As published in the Economic Society of Victoria’s Ceteris Paribus.
“You have to ask, if those being duped are too naive to complain, and those profiteering are too valuable to upset, is housing affordability a problem for our politicians, or a gift?” asks Tohm Whitty (Fairfax).
First home owners are currently expected to borrow $226,000 on average (in Victoria), compared to some $100,000 in the 1990s. Over the last decade, Melbourne has increased the size of the Urban Growth Boundary by 97,000 ha and counting. This is enough land to house over 1.6 million people, yet as house prices fell last year, developers reduced land supply. This crimped prices, keeping their constituents happy.
Compounding these pressures is the $22,000 in Stamp Duty Victorian homeowners are asked to pay. This adds an extra $25,000 in interest over the lifetime of the 25 year mortgage. The Victorian State Government has moved quickly to discount Stamp Duties for first homeowners. In principle this is akin to the first homeowners grant. If everyone receives an extra $22,000 in purchasing capacity, the locational price of land and housing will increase by at least that amount. Instead of Stamp Duty money going to the government, it is now going to the seller and in turn the banks.
This is poor political economy (depending on who your constituents are).
If we are to really lower land and housing costs we must look at economic rents. The price of bringing land into production is zero. Any price charged above zero can be termed an economic rent. Therefore land can be taxed without negatively affecting supply.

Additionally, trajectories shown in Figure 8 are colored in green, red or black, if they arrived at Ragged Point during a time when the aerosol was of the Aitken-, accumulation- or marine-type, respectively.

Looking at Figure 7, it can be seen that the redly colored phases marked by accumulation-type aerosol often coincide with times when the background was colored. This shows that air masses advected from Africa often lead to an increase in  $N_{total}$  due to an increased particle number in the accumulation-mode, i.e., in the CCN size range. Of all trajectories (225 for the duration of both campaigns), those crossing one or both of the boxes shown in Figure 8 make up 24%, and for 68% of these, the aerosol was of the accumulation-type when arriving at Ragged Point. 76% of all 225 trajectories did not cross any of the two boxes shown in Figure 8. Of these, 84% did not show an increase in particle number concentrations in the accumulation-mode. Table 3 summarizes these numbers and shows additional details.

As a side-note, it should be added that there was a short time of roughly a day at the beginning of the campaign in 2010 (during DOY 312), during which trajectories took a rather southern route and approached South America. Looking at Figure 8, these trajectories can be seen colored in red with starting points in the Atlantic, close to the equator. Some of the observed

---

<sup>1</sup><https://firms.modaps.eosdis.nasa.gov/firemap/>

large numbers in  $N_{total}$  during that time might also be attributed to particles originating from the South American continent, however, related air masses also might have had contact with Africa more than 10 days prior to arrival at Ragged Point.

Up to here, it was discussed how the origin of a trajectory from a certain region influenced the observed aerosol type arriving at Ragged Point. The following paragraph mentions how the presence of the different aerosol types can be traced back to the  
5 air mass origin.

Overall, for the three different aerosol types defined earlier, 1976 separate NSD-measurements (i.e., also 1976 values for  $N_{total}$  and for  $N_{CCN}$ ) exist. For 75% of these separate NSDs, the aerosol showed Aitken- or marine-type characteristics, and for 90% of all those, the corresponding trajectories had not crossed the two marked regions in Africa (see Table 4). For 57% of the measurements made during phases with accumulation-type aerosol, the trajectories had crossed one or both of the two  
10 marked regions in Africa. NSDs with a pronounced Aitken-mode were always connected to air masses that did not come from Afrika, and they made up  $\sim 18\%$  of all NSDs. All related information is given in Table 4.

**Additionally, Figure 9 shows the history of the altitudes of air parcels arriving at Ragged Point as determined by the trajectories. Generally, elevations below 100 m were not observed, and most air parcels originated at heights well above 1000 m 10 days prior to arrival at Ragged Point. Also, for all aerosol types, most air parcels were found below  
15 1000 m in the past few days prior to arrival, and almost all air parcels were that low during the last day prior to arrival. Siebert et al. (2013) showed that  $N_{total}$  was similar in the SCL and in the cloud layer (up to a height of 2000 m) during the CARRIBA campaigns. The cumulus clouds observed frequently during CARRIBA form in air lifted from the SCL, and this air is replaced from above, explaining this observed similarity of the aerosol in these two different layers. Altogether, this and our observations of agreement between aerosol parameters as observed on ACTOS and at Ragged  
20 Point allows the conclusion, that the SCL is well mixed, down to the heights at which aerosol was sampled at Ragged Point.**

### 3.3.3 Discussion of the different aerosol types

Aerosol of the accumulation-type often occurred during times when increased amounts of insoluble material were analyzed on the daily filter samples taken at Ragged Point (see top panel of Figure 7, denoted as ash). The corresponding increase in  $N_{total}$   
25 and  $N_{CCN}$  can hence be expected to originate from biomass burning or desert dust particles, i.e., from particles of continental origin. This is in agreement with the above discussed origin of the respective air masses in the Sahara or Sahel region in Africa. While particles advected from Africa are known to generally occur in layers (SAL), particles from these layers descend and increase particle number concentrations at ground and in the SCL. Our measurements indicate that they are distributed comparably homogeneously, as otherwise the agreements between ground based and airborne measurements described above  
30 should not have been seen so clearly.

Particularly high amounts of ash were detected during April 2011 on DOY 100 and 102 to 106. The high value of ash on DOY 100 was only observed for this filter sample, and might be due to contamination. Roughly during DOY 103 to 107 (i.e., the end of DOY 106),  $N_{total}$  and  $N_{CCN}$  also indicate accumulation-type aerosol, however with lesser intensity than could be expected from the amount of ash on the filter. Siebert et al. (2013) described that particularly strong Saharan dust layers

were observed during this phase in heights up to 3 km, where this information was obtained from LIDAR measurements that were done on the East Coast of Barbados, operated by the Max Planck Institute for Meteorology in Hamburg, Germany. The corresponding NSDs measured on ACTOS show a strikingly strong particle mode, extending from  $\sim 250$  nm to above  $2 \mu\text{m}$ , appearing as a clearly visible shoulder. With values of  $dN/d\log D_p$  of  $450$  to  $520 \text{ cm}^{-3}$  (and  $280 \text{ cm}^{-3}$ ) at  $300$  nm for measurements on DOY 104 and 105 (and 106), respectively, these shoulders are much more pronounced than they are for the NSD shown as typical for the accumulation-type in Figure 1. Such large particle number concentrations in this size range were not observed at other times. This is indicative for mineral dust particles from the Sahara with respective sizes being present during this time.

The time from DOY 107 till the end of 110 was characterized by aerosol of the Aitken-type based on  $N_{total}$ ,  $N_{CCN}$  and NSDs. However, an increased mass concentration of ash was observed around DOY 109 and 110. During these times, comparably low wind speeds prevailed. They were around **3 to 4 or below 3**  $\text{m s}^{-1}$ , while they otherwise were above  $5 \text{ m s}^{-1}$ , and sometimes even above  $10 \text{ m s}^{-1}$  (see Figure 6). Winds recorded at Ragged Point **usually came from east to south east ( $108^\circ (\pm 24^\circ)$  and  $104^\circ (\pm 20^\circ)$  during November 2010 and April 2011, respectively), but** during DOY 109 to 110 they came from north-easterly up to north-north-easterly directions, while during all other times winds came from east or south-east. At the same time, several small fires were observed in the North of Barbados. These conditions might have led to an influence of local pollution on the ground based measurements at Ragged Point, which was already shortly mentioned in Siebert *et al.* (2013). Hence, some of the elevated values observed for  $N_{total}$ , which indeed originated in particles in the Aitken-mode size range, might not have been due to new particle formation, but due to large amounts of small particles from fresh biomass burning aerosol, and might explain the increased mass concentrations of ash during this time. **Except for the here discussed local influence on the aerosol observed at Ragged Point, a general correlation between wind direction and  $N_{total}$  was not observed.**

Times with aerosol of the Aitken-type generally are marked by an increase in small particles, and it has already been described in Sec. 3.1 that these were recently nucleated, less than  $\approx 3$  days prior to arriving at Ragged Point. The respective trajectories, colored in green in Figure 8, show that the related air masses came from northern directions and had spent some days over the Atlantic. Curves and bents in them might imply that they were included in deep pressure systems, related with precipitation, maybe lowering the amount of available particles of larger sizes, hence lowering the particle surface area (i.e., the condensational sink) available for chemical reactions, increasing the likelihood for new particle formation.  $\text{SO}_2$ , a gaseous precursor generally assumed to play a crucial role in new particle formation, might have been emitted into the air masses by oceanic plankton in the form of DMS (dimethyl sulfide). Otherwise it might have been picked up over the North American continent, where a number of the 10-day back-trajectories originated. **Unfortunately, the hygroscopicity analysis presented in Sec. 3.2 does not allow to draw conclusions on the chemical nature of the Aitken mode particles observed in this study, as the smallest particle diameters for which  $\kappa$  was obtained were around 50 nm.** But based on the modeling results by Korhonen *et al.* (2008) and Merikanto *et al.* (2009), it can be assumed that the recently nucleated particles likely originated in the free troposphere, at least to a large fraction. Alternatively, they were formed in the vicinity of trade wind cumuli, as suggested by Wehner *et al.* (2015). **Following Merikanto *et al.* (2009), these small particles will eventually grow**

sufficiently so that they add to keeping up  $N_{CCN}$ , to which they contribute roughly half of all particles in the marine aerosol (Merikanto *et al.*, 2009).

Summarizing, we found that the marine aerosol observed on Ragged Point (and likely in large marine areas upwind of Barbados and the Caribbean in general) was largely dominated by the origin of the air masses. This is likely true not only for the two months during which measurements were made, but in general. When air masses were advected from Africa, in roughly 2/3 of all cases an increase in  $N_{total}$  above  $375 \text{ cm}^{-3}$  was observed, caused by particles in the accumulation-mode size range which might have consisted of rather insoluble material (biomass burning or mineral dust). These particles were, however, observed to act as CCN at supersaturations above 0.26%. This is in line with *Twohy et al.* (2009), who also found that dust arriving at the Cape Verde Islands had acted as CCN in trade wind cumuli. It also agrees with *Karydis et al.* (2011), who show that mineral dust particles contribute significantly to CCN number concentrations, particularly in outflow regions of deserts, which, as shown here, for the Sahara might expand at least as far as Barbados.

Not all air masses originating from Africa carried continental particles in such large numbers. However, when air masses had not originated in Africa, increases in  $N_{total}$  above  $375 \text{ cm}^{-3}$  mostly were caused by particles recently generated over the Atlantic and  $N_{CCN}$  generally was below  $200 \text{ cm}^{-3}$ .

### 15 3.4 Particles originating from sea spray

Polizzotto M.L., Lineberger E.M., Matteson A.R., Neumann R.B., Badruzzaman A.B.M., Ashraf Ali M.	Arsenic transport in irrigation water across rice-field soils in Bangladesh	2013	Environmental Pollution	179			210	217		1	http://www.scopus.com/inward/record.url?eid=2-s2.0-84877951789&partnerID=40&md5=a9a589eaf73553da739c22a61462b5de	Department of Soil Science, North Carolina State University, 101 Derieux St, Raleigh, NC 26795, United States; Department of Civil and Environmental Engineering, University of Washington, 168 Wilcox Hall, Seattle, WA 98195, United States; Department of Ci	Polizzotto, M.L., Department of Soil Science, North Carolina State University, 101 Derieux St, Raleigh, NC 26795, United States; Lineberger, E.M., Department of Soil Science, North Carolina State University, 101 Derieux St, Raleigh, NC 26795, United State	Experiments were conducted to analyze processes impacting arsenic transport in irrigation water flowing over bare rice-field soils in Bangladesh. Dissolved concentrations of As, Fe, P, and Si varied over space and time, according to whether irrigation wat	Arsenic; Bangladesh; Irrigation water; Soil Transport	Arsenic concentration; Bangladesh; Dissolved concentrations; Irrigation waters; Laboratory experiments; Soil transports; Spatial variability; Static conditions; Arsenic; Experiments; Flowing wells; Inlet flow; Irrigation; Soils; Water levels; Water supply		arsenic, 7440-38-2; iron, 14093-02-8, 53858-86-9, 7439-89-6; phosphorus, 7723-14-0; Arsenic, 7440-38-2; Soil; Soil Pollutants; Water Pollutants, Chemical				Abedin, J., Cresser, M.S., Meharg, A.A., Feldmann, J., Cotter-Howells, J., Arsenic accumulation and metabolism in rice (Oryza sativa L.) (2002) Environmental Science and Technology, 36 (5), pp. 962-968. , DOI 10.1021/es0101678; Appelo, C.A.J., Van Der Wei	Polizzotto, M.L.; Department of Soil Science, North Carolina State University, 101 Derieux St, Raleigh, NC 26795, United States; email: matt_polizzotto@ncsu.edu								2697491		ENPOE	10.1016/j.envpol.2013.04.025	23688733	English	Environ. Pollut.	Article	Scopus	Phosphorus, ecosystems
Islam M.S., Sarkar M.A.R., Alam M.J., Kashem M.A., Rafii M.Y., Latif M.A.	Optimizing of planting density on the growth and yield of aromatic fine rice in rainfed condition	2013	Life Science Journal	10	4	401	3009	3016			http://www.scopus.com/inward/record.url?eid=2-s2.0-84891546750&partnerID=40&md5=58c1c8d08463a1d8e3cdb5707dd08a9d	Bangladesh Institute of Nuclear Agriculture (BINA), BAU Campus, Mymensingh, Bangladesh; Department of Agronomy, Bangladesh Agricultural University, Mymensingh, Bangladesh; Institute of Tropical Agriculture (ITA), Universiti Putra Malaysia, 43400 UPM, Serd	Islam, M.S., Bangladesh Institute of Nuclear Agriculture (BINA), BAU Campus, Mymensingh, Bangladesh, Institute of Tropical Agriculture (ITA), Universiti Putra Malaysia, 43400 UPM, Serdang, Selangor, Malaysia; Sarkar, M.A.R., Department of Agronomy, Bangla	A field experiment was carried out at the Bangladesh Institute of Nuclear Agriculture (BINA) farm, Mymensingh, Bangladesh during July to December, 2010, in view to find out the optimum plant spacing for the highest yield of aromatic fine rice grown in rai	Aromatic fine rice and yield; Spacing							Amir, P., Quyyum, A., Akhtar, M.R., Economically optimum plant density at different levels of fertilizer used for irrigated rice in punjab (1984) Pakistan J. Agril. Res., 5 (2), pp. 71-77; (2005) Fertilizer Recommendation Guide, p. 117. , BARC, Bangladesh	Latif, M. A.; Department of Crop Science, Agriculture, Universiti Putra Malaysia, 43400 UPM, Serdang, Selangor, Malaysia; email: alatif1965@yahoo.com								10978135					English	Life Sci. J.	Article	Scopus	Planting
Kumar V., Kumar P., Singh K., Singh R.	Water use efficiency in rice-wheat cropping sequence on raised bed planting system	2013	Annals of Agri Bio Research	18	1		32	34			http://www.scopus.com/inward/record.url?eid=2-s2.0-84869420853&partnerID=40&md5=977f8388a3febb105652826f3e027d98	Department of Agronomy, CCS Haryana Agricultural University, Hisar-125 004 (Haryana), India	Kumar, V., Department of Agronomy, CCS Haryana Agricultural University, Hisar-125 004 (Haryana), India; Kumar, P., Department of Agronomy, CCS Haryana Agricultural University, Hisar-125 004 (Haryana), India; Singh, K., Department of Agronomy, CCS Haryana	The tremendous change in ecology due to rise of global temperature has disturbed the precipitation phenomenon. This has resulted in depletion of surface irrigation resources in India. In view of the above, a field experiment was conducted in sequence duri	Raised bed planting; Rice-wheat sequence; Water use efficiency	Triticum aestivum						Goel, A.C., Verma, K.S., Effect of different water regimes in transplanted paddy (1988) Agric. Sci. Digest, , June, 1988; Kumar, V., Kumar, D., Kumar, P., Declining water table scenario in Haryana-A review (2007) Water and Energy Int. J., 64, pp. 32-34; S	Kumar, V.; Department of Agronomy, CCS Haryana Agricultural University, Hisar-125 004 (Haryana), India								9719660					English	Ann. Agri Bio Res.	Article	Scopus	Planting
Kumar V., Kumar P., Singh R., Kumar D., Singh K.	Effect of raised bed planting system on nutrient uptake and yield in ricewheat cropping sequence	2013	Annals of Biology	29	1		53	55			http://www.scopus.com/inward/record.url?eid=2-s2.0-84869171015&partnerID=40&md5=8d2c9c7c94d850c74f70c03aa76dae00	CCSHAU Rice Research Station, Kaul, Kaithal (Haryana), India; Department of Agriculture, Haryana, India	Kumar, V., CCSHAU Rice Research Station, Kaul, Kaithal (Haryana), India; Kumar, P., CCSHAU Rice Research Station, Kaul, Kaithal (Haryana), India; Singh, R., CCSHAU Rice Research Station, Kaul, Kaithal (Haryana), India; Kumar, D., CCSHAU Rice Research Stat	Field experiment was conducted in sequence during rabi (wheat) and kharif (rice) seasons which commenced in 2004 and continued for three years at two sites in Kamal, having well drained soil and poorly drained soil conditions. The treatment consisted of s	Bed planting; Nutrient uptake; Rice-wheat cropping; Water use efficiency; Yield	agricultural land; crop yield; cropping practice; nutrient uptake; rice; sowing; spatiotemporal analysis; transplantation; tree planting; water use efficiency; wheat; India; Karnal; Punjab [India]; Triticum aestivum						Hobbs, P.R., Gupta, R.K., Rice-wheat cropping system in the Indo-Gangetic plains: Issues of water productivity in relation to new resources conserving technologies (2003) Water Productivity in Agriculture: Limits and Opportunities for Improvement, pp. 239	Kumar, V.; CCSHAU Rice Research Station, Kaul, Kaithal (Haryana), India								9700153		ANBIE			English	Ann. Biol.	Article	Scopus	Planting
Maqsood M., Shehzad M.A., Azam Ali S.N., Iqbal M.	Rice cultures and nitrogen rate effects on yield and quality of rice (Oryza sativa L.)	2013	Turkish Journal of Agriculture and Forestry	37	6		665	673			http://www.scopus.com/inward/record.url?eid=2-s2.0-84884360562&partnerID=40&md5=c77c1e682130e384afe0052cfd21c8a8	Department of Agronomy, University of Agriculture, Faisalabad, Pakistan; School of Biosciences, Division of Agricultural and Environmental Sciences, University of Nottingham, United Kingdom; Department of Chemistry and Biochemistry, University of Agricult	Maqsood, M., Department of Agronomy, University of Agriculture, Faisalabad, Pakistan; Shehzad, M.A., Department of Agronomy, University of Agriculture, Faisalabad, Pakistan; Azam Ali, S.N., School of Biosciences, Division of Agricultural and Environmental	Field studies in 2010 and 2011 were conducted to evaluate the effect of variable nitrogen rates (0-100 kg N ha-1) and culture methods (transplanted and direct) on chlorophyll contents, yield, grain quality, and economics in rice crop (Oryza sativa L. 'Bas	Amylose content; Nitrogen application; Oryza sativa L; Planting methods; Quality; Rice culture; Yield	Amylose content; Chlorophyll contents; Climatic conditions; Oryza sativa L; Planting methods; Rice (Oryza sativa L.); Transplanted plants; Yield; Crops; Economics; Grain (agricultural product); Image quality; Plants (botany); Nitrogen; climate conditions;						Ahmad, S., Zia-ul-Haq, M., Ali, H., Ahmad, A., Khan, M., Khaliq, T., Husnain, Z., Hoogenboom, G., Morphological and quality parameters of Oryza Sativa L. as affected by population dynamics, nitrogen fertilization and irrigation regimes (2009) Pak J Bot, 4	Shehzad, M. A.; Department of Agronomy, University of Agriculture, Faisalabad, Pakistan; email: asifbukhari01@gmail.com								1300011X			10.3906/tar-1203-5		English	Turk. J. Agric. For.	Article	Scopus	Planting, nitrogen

The value of prime locations improves with infrastructure, education and even funky cafes. These values are created by the public but yet we choose to privatise these windfall gains whilst socialising our own hard work in the form of income taxes and the other 125 taxes we pay. If Stamp Duty was replaced with a higher Land Tax, property investment and hoarding would be less profitable.
In the 1980s investors accounted for 12% of the housing loan market. Today they account for 36%. We have private equity firms such as Blackstone Capital scouring the world buying prime real estate. Their efforts in America have pushed land prices back up, pressuring young people to buy in ‘before it is too late’.
The opportunity cost of ignoring economic rents mounts day by day. Recently we heard of a property overlooking the Mercy Hospital bought in 2004 for $197,000. Now the City of Banyule values it at $2.7 million (whilst real estate experts call it at closer to $8 million).
Proactive Planning Minister Guy has approved the rezoning for a St Kilda Road South location. The 27 story apartment rezoning gave the lucky owners a windfall gain of $12 million through the government’s golden pen tick. The property was soon after flipped to probably another middleman who will sit and wait to flip for similar gains. Once the site is finally developed, the speculative land price will be passed on to home owners. Some will scratch their heads wondering why young people are borrowing so much chasing the home ownership dream.
The recently announced $40 million GST shortfall will see the Victorian State Government forced to cut public health and education services (guaranteed productivity enhancers) rather than look at rent seeking behaviour. The absence of conservative analysis in deciphering a difference between takers and makers sets a challenge for economic analysis.
Political economy grew in popularity due to its ability to make sense of reality. Now that enrolments for economics courses are dwindling, is it time for economists to discuss why those without savings and tax breaks are prejudiced in terms of home ownership? Landownership is seen as the bedrock of democracy. If an entire generation is being out-bided by private equity funds, negative gearers and SMSF’s, will this assist the efficiency evolution? It is time for an age of economic democracy to underpin the freedom political democracy has been unable to deliver.